As if the Chinese were not satisfied with the current level of surveillance, the CCP is in the process of introducing emotion recognition to countrywide monitoring. As the name suggests, the tech will use millions of cameras spread throughout the nation to scan faces of people and determine how they feel. Given China’s history of using tech for repressing people, emotion recognition will likely turn out to be another oppressive system for the public.
“Using video footage, emotion recognition technology can rapidly identify criminal suspects by analysing their mental state… to prevent illegal acts including terrorism and smuggling… We’ve already started using it,” Li Xiaoyu, a policing expert and Party cadre from the public security bureau in Altay city in Xinjiang, said to Financial Times (The Straits Times).
The tech is largely deployed by Xinjiang’s customs inspectors and is capable of identifying a person’s stress levels, nervousness, aggressiveness, and their potential for committing violence against others. The Xinjiang region has been a center of international scrutiny due to China’s inhumane treatment of Uyghur minorities. As such, it is possible that the state might eventually use the technology to arrest or detain Uyghurs whom the system classifies as a threat.
Emotion Recognition will soon be rolled out at airports and subway stations. However, the large-scale rollout of the tech is not likely for at least three to five years as it still needs to mature. For now, experts consider emotion recognition software largely to be a gimmick. In a study published by academic journal Sensors, it was noted that Facial Expression Recognition (FER) was a challenging thing to do accurately.
“While FER systems can achieve accuracy rates of up to 97 percent in the lab, that rate drops to around 50 percent in real-world apps. Things like variances in lighting and the position of the head can throw off the system’s performance,” according to Disruptive Asia. There is also the fact that expressions shown by a person may not correspond to what they are actually feeling. For instance, people might cry when they feel joyful. An emotion recognition AI might just see the tears and classify the emotion as sadness when in reality it is not.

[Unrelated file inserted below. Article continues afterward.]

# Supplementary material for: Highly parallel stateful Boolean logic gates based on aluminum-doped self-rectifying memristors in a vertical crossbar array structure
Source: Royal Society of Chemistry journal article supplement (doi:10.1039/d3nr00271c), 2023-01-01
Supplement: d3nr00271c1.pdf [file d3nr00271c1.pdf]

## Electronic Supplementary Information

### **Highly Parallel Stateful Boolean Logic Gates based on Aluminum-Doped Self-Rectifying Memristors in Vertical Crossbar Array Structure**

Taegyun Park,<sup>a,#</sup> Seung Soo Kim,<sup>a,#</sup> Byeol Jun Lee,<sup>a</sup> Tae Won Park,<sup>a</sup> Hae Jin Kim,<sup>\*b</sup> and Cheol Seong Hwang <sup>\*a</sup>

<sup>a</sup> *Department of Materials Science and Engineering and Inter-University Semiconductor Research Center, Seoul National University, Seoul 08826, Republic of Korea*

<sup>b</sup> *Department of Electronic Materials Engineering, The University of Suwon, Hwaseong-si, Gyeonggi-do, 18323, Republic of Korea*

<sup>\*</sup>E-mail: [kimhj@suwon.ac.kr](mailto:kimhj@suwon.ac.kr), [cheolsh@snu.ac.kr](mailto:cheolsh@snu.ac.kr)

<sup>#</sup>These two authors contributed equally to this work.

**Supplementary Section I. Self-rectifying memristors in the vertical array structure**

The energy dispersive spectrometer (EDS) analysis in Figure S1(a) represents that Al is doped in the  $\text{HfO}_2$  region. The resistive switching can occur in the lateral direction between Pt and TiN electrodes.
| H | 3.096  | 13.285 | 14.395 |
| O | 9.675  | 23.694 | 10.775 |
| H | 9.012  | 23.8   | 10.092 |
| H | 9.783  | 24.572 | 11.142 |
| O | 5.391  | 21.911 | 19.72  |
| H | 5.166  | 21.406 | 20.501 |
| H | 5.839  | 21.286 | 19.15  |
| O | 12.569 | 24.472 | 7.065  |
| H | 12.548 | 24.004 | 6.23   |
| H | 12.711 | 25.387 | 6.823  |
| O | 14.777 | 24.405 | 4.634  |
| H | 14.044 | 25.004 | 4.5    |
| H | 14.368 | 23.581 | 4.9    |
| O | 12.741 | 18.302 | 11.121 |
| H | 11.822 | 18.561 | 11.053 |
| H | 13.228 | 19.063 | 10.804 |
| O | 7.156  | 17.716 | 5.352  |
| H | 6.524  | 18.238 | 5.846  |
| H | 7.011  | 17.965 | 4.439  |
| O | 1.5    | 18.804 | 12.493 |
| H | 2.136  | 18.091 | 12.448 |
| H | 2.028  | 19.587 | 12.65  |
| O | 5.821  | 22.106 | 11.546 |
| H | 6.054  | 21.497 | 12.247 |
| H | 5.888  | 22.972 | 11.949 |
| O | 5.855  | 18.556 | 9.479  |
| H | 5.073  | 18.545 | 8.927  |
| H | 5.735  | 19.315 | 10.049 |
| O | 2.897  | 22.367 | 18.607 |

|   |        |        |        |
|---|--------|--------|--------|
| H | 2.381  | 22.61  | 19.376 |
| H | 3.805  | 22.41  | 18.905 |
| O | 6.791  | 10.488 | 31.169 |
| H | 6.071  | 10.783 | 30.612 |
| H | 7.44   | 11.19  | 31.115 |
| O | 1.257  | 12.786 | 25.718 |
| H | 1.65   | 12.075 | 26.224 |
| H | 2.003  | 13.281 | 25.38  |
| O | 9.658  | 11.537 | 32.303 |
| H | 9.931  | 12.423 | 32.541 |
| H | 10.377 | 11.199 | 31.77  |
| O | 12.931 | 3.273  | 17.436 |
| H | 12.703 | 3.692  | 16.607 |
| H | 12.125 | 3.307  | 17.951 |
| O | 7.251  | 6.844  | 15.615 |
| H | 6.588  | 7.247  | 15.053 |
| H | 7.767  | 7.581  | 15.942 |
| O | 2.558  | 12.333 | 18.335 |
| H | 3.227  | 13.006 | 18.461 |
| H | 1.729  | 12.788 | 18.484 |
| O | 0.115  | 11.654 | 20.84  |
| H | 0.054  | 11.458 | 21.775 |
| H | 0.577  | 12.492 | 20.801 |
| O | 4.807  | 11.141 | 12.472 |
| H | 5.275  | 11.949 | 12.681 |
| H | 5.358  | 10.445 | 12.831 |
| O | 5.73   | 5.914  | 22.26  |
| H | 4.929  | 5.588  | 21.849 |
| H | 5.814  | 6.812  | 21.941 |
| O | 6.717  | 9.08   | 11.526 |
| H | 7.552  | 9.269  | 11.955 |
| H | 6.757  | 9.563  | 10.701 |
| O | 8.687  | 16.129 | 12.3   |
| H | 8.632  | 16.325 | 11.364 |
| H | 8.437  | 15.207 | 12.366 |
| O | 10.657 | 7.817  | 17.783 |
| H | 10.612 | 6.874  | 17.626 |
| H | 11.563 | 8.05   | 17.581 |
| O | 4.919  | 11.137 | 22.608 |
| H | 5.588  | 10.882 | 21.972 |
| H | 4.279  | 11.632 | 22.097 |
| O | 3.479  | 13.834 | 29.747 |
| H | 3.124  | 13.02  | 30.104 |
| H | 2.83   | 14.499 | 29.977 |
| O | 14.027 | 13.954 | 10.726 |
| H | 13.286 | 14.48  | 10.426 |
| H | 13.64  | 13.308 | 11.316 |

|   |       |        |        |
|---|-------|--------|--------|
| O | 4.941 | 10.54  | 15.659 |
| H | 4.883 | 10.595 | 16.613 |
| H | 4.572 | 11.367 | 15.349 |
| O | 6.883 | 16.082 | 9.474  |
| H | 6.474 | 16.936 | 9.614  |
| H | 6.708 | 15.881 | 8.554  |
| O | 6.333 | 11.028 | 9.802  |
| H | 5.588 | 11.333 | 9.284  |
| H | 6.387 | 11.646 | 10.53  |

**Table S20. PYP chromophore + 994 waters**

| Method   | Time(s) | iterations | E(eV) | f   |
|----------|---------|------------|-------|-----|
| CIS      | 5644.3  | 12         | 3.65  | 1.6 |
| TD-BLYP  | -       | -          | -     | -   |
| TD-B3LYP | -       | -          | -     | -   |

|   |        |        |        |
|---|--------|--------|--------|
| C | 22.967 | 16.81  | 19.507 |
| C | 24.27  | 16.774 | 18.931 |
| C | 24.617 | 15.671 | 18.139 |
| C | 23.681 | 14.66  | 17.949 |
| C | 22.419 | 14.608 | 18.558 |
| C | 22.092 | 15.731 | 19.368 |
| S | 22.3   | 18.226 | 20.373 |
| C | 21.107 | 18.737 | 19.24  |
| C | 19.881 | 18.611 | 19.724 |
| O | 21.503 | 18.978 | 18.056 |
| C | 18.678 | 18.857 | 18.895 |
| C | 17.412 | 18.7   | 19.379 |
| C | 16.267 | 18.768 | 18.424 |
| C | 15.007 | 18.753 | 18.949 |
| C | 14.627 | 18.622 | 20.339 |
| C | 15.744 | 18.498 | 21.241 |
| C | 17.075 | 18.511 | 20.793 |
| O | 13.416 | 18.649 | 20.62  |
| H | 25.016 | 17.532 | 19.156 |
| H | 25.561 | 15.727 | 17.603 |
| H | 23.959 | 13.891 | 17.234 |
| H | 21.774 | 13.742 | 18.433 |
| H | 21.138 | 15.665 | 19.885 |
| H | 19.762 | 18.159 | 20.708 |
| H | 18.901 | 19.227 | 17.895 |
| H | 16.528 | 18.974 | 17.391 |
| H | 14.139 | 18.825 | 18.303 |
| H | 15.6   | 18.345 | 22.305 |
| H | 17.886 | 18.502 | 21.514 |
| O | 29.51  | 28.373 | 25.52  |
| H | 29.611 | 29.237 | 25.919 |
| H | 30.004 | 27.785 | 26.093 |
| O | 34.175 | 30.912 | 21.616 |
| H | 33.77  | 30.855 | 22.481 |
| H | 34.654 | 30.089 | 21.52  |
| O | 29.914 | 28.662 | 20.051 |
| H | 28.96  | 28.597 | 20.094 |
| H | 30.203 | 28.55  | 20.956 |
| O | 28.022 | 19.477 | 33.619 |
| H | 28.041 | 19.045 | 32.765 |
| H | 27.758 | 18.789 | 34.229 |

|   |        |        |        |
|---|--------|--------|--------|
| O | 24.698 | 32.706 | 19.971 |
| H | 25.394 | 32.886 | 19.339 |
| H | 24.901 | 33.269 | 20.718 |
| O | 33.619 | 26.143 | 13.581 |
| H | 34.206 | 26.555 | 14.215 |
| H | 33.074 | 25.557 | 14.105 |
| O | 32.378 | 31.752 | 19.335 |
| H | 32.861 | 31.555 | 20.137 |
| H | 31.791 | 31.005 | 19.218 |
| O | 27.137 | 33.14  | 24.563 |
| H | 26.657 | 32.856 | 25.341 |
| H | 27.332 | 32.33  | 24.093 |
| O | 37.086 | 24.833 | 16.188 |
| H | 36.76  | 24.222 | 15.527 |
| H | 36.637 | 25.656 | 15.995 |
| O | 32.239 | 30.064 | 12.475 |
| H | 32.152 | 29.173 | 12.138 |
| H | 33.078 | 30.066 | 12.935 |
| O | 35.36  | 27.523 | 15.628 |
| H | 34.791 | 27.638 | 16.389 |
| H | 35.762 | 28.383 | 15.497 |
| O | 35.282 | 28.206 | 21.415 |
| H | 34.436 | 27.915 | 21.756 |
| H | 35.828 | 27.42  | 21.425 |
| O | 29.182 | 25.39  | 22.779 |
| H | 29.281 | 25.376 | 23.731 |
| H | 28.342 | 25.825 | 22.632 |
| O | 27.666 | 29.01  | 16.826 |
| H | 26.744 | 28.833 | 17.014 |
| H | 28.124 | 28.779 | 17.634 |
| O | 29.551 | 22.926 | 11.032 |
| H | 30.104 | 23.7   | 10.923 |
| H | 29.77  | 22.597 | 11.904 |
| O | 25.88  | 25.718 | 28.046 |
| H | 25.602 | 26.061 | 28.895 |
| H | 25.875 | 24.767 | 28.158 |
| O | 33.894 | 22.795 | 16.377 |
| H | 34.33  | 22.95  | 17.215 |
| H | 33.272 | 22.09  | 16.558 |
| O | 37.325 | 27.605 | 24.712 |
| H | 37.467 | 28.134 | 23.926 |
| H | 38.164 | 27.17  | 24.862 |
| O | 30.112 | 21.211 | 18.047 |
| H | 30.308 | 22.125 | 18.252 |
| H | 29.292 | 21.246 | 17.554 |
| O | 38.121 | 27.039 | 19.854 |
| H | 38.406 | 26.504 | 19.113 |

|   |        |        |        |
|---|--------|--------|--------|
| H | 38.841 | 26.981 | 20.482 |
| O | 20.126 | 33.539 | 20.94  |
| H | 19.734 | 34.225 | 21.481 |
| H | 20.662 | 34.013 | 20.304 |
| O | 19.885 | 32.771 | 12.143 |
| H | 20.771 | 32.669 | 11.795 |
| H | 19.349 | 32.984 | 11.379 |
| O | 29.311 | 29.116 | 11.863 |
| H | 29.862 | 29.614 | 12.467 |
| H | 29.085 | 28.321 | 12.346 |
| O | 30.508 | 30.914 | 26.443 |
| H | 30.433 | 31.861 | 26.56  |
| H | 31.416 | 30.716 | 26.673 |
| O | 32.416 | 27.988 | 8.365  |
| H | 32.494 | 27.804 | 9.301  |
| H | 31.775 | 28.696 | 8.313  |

China has set up one of the most extensive public surveillance systems anywhere in the world. A report by Comparitech found that 8 of the 10 most surveilled cities are in China. At the top spot was the Chinese city of Chongqing, which has almost 168 cameras for every 1,000 people.
A recent study by Axios and SurveyMonkey shows that people tend to change their behavior when they realize that they are under surveillance. The conclusion came after an online poll of 3,454 employed adults that found “62 percent of people… said it is appropriate for an employer to routinely monitor employees using technology… 48 percent said they would change their behavior if they knew their employer was monitoring them,” according to Axios.
In some situations, surveillance was useful in keeping track of employees and improving productivity. However, surveillance mostly creates a negative environment in the workplace that can eventually affect trust among employees. Some may try to avoid the supervision, which will trigger the management to install even tighter monitoring systems.
It will definitely be interesting to see how Beijing’s widespread network changes the behavior of the Chinese people. With every emotion being classified and monitored with the intention of identifying threats, it is possible that the citizens might eventually turn paranoid.